So, training, tactics, and decisions by small-unit commanders have enabled US and UK forces to overcome failings in intelligence and communications to achieve victory. Sometimes these are not enough, as with the case of the abortive raid by US Army AH-64 Apache combat helicopters on the Karbala Gap of March 24, 2003.

Although developed for a potential conflict in Europe, the Apache, using hover-mode engagement tactics, was a star performer in the Gulf War of 1991. AH-64As of Task Force Normandy fired the opening salvo of Desert Storm in 1991 when they launched Hellfire missiles at Iraqi air-defense sites in a nighttime "deep-attack" raid. The first cracks in Apache doctrine, however, appeared during Operation Anaconda in Afghanistan in early March 2002. AH-64As of the US Army's 101st Airborne Division supported ground soldiers of that air-assault division and 10th Mountain Division that were involved in attacks on Taliban and al Qaeda positions in the Shah-e-Kot Valley (see The Apaches of Anaconda). The close-quarters fighting, in which targets often were identified only after they had opened fire at ranges of less than a kilometer, was not something for which crews had been thoroughly prepared.

Yet doctrine dies hard. It took a celebrated failure of a deep attack by 32 Apaches of the 11th Aviation Regiment of the 101st Airborne in Iraq on March 2003 to cause Army Aviation to re-examine its doctrine more seriously. In the March nighttime attack, the Apaches were damaged and driven off by concerted Iraqi anti-aircraft fire from concealed positions that had not been detected by US reconnaissance means, with a loss of one helicopter. The crew was captured, in part because enemy fire was too intense for a combat-search-and-rescue mission to be mounted.

Here is a short essay I wrote in January 2002 about missing the trees for the forest. Interestingly, I had called this piece, "Blind Spot."

One of the great British aces of WWI was Albert Ball, who had 44 victories to his credit. Ball had developed a tactic of engaging enemy flights by himself from the rear and below. Climbing slowly up on the tail-end aircraft from its blind spot, he would deliver a fatal burst at point-blank range from a Lewis gun angled upward. Ball was generally able to claim a second aircraft before breaking away. Although a gifted squadron commander, his reputation grew as a lone hunter and marksman. During the battles around Aaras in the spring of 1917, Ball made a habit of flying by a particular clock tower in the village of Annoeulin every evening to check the time. Some German infantry noticed the pattern. On the evening of May 7, German machine gunners hidden in the tower shot him down.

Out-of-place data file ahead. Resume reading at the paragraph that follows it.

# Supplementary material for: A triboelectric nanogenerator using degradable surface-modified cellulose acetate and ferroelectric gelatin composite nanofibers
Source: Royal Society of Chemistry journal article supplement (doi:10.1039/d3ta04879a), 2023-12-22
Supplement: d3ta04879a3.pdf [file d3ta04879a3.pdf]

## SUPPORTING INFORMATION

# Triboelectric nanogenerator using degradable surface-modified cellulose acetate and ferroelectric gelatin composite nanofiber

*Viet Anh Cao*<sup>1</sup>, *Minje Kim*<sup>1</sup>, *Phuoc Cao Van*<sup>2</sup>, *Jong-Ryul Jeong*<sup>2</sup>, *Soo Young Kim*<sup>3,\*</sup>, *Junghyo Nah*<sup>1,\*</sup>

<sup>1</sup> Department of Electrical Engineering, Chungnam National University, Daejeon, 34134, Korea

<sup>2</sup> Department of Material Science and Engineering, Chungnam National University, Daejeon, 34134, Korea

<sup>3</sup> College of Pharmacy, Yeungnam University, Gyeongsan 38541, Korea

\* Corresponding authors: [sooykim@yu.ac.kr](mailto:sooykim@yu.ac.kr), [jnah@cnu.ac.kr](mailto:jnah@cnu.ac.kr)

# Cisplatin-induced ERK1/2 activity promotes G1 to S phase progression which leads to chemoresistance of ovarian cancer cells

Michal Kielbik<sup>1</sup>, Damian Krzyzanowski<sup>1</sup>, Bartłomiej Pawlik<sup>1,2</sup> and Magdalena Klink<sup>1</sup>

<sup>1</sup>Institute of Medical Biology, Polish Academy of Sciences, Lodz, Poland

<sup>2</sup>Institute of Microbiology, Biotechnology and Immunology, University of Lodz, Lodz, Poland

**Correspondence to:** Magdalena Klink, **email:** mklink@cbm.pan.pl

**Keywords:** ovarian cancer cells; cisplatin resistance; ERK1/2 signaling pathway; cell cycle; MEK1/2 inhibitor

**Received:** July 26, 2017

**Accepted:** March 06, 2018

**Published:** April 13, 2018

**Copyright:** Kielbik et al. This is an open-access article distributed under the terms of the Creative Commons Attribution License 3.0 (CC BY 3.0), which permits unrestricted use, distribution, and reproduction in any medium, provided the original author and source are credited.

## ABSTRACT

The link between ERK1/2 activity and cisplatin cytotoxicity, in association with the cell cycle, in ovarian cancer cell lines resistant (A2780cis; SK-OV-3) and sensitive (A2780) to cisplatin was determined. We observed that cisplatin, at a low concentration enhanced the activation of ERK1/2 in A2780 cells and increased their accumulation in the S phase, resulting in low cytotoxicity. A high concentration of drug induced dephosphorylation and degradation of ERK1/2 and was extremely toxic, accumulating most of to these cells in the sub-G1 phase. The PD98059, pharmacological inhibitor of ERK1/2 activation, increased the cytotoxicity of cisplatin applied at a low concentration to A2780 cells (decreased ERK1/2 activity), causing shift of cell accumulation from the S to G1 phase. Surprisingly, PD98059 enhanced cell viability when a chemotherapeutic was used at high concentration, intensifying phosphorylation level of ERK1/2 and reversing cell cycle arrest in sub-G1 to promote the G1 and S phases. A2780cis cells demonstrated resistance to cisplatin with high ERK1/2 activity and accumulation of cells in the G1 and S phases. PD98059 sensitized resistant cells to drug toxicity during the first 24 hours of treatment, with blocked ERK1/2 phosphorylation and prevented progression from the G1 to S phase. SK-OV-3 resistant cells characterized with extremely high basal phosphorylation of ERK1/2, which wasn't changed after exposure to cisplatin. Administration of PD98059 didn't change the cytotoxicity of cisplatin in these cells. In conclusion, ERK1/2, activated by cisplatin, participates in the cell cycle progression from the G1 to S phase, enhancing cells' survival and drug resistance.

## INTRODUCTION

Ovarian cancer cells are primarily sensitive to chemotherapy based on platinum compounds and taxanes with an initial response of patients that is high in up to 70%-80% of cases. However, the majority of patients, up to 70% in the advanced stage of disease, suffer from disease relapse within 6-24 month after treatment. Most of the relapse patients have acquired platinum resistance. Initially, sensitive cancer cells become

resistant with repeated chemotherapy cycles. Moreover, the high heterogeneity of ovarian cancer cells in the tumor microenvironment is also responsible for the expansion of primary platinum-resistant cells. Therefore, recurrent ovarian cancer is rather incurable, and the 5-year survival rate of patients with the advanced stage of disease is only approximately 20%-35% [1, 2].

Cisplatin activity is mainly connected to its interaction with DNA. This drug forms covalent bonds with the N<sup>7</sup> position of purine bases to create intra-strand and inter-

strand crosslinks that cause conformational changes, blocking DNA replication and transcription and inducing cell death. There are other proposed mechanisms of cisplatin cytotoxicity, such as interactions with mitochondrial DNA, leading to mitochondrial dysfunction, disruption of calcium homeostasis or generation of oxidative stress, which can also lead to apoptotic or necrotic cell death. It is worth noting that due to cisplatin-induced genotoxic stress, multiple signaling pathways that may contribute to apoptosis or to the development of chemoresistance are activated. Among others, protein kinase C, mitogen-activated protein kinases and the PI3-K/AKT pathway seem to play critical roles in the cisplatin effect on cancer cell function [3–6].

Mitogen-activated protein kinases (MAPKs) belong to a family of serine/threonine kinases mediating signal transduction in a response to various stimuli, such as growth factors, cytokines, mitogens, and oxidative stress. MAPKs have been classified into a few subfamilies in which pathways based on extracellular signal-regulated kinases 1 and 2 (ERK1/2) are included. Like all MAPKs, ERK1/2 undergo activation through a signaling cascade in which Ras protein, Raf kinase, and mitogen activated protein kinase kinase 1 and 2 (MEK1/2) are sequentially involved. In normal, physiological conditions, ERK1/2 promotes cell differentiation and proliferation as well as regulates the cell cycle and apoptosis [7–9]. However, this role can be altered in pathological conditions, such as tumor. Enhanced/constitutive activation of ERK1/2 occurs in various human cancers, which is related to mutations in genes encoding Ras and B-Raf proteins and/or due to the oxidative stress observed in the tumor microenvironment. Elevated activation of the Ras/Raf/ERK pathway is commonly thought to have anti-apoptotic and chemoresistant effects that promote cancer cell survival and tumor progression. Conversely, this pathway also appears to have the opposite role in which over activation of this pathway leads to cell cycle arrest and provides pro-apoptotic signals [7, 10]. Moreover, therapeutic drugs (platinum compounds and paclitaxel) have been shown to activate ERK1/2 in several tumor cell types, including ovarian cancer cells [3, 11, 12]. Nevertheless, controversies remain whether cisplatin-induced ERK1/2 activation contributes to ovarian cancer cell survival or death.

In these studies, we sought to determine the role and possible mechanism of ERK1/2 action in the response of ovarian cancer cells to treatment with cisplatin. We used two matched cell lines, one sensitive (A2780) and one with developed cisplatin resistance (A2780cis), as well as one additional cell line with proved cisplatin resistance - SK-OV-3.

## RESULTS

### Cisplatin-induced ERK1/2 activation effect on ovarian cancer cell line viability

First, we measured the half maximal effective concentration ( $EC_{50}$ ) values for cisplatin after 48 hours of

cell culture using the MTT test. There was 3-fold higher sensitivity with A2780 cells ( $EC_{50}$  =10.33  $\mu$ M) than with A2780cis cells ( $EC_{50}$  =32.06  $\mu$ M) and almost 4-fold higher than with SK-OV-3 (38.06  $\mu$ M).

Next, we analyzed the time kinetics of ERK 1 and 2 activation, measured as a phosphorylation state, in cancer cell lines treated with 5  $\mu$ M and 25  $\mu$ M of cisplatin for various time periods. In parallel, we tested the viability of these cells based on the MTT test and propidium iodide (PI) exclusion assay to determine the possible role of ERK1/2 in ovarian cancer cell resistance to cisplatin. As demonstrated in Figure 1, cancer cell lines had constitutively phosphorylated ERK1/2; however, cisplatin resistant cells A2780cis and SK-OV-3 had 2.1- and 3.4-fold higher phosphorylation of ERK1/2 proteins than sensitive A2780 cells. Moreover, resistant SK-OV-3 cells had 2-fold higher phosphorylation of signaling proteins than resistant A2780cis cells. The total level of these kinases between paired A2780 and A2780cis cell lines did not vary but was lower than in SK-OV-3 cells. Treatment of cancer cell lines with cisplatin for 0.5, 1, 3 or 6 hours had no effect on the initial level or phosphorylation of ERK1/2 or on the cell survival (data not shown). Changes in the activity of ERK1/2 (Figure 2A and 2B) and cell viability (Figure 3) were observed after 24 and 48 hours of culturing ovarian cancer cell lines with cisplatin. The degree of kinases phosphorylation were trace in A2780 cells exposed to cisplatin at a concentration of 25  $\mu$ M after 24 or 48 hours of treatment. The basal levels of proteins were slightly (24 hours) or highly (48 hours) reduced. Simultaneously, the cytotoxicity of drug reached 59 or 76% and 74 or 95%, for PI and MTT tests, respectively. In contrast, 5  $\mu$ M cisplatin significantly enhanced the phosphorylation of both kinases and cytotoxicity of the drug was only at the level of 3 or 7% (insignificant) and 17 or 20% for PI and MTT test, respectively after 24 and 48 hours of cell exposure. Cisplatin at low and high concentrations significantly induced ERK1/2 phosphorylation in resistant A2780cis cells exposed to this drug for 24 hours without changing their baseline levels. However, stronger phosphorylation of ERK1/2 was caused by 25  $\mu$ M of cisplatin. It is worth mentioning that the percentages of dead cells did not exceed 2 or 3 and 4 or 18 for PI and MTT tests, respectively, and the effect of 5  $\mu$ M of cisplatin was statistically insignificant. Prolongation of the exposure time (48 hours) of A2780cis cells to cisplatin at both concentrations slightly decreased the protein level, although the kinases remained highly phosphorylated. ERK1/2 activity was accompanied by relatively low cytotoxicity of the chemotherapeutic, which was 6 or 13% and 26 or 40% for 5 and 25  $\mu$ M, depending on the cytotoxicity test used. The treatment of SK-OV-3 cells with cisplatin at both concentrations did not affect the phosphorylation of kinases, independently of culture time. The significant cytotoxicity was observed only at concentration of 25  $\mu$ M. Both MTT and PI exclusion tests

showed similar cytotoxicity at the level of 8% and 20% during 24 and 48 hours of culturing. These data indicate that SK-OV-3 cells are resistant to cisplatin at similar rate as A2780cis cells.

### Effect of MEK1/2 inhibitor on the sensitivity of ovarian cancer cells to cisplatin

A century earlier, the Duke of Wellington famously reported after the Battle of Waterloo: "They came on in the same old way, and we shot them down in the same old way." Wellington was referring to the attack of the French Imperial Guard, by then much diminished, but by inference he was announcing that, in fact, it was Napoleon's genius that had dimmed. It wasn't so much that the corps-based system of warfare Napoleon had engineered to smash his enemies was no longer valid. The problem was that the emperor's enemies had learned the system, eliminating his relative advantage. When the French were delivering flank attacks and rear attacks they were masters of the field. Forced to fight front-to-front, casualties were about even. And there were more non-French in Europe than French.

War is all about patterns. Once you have identified the enemy's patterns, and understand their cause and effect, you own him. This is why intelligence, surveillance, and reconnaissance (ISR) activities are so vital. They provide the key to understanding the enemy's patterns. This is how you apply strength against relative weakness, rather than pitting strength against strength.

However, at what point do ISR activities themselves produce patterns that the enemy may discern? At what point do procedures of systems development and acquisition produce a predictable outcome of capabilities and concepts of operations? If an enemy can identify and understand how you conduct ISR operations and deploy the systems that support them, then he may well be on his way to owning you.

During the Gulf War, US pilots claimed to have killed quite a few mobile Scud launchers. In fact, none were killed. The Iraqis, well aware of US reconnaissance capabilities and tactical air operations, used tactics identical to those developed by the Germans in WWII for launching V-2 rockets from mobile launchers in the face of unrelenting Allied airpower. During the Kosovo War, US pilots claimed to have killed 120 tanks, 220 armored personnel carriers, and 450 artillery pieces. In reality, they had only killed 14, 28, and 20, respectively. The Serbs understood how the US would conduct reconnaissance and tactical strikes, and they fabricated wooden and canvas decoys that completely fooled the attackers.